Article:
0.0% 1k       10     +1k java/lang/Thread
 0.0% 1k       61     +1k java/util/Hashtable$Entry
 0.0% 1k        7     +1k [I
 0.0% 0k       19     +0k java/util/HashMap
 0.0% 0k       19     +0k java/lang/ref/WeakReference
 0.0% 0k        7     +0k [Ljava/util/Hashtable$Entry;
 0.0% 0k       19     +0k java/util/Locale
 0.0% 0k       11     +0k java/lang/ref/SoftReference
 0.0% 0k        1     +0k [S

– The first column correponds to the Class object type contribution to the Java Heap footprint in %
– The second column correponds to the Class object type memory footprint in K
– The third column correponds to the # of Class instances of a particular type
– The fourth column correponds to the delta – / + memory footprint of a particular type

As you can see from the above snapshot, the biggest data type is [C (char in our case) & java.lang.String. In order to see which data types are leaking, you will need to generate several snapshots. The frequency will depend of the leaking rate. In our example, find below another snapshot taken after 5 minutes:

# After 5 minutes
--------- Detailed Heap Statistics: ---------
93.9% 26169k    28746 +12032k [C
 2.4% 674k    28768   +295k java/lang/String
 2.3% 637k    27219   +295k java/util/HashMap$Entry
 0.9% 259k       21   +128k [Ljava/util/HashMap$Entry;
 0.2% 50k      462     +0k java/lang/Class
 0.1% 24k        7     +0k [B
# After 5 more minutes
--------- Detailed Heap Statistics: ---------
94.5% 46978k    50534 +20809k [C 
 2.4% 1184k    50556   +510k java/lang/String
 2.3% 1148k    49007   +510k java/util/HashMap$Entry
 0.5% 259k       21     +0k [Ljava/util/HashMap$Entry;
 0.1% 50k      462     +0k java/lang/Class

The third & fourth column are showing a constant increase. As you can see, the leaking data in our case are [C, java.lang.String and java.util.HashMap$Entry which all increased from ~4 MB to 28 MB, 50 MB and growing…

It is easy to pinpoint the leaking data type(s) with this approach but what about the source (root cause) of the leaking data type(s)? This is where jrcmd is no longer useful. Deeper memory leak analysis will require you to use either JRockit Mission Control or Heap Dump analysis (JRockit R28+ only).

A final point, before you can conclude on a true Java Heap leak, please ensure that jrcmd snapshots are taken after at least one Full GC in between the captures (what you are interested in is OldGen leak e.g. Java objects surviving major GC collections).

JRCMD Thread Dump generation

Thread Dump analysis is crucial for stuck Thread related problems but can also be useful to troubleshoot certain types of Java Heap problem. For example, it can pinpoint the source of a sudden Java Heap increase by exposing the culprit Thread(s) allocating a large amount of memory on the Java Heap in a short amount of time. Thread Dump can be generated using jrcmd print_threads option.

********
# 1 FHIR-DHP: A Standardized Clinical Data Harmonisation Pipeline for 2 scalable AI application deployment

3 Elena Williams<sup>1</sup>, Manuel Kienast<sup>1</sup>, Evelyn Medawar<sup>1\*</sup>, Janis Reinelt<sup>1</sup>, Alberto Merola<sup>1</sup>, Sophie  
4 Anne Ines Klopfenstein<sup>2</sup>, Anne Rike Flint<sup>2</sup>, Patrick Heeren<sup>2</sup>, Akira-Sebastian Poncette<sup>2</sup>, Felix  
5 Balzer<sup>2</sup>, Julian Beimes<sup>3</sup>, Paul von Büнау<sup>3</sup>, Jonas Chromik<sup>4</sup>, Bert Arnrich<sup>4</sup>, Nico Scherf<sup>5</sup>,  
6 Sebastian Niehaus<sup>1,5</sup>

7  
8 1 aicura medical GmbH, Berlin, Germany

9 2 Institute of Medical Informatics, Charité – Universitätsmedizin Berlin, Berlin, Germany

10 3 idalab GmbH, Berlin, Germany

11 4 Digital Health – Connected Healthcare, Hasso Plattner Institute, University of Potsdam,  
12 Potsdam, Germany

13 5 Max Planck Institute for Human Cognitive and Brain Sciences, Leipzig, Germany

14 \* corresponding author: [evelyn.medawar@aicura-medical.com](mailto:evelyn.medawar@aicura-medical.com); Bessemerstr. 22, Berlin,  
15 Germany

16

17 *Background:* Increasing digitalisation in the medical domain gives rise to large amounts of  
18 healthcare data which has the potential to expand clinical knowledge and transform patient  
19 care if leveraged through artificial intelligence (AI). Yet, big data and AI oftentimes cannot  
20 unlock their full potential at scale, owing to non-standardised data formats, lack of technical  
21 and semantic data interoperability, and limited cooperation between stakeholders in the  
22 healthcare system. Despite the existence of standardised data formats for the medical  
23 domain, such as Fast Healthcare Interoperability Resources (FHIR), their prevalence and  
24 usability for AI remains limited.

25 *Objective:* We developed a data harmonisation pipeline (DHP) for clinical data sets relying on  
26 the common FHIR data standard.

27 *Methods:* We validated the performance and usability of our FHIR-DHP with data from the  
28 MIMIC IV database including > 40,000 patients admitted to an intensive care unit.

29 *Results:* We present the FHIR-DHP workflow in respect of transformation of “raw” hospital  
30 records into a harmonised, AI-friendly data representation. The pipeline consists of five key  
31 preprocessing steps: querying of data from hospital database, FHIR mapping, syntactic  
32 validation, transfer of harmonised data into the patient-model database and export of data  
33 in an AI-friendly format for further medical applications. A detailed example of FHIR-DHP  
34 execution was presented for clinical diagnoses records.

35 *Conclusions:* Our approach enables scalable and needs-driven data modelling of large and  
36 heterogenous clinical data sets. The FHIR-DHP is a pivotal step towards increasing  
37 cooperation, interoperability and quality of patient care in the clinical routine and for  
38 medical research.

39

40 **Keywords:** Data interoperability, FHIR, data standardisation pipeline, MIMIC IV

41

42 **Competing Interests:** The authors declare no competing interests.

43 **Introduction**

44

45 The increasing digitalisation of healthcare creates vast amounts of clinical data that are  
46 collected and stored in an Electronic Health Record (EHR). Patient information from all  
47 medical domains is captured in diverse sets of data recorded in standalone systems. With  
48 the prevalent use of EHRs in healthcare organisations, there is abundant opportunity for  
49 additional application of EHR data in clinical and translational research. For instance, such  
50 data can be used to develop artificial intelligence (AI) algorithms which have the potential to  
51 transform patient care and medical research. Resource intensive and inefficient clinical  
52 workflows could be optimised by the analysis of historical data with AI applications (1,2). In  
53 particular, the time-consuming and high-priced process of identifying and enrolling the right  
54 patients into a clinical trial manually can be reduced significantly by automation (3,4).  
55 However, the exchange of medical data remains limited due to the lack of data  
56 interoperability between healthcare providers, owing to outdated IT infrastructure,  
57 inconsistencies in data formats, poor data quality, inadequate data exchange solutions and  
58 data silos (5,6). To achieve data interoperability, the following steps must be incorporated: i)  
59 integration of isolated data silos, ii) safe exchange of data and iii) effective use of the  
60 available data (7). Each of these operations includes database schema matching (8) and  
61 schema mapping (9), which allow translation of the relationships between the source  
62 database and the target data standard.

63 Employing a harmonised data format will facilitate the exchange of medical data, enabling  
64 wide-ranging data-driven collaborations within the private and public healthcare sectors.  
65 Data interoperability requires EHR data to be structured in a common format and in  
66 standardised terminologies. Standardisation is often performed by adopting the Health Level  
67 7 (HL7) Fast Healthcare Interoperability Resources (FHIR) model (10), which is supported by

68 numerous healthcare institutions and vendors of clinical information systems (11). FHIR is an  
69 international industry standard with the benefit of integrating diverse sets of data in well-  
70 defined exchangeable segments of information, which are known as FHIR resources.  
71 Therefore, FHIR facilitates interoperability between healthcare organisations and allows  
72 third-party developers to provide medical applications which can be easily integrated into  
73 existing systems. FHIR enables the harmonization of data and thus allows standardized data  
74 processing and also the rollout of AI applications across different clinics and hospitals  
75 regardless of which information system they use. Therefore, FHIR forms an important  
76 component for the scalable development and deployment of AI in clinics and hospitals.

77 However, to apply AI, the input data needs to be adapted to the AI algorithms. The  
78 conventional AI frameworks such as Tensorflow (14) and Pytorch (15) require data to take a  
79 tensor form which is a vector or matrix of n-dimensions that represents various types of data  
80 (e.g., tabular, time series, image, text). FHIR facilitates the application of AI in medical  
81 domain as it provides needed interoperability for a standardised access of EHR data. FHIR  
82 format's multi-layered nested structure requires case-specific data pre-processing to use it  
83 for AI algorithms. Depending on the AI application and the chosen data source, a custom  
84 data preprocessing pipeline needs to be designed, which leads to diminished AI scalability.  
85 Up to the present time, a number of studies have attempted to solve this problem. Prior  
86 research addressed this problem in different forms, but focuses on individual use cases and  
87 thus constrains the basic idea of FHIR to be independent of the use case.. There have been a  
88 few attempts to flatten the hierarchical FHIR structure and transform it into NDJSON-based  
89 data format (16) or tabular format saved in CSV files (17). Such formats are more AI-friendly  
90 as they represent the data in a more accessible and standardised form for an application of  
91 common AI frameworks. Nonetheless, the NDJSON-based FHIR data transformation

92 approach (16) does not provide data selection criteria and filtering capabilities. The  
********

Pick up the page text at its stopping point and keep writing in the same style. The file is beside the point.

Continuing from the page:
** Thread Dump captured from our sample Java program after removing the Thread.sleep() and increasing the Java Heap capacity **

C:\Apps\Weblogic1035\jrockit_160_24_D1.1.2-4\bin>jrcmd 5808 print_threads

===== FULL THREAD DUMP ===============
Mon Apr 09 09:08:08 2012
Oracle JRockit(R) R28.1.3-11-141760-1.6.0_24-20110301-1429-windows-ia32
"Main Thread" id=1 idx=0x4 tid=6076 prio=5 alive, native_blocked
    at jrockit/vm/Allocator.getNewTla(II)V(Native Method)
    at jrockit/vm/Allocator.allocObjectOrArray([optimized]
    at java/util/Arrays.copyOfRange([inlined]
    at java/lang/String.<init>([inlined]
    at java/lang/StringBuilder.toString([optimized]
    at org/ph/javaee/tool/oom/JavaHeapLeakSimulator.main(
    at jrockit/vm/RNI.c2java(IIIII)V(Native Method)
    -- end of trace

We can see that our sample Java program is creating a lot of java.lang.String objects from the “Main Thread” executing our JavaHeapLeakSimulator program.


I hope this article has helped you understand you can leverage the JRockit jrcmd tool for quick Java Heap analysis. I’m looking forward for your comments and questions.

Future articles will include a deeper JRockit Java Heap and Heap Dump analysis tutorial.

Reference: JRockit jrcmd tutorial from our JCG partner Pierre-Hugues Charbonneau at the Java EE Support Patterns & Java Tutorial blog.

Pierre Hugues Charbonneau

Pierre-Hugues Charbonneau (nickname P-H) is working for CGI Inc. Canada for the last 10 years as a senior IT consultant. His primary area of expertise is Java EE, middleware & JVM technologies. He is a specialist in production system troubleshooting, root cause analysis, middleware, JVM tuning, scalability and capacity improvement; including internal processes improvement for IT support teams. P-H is the principal author at Java EE Support Patterns.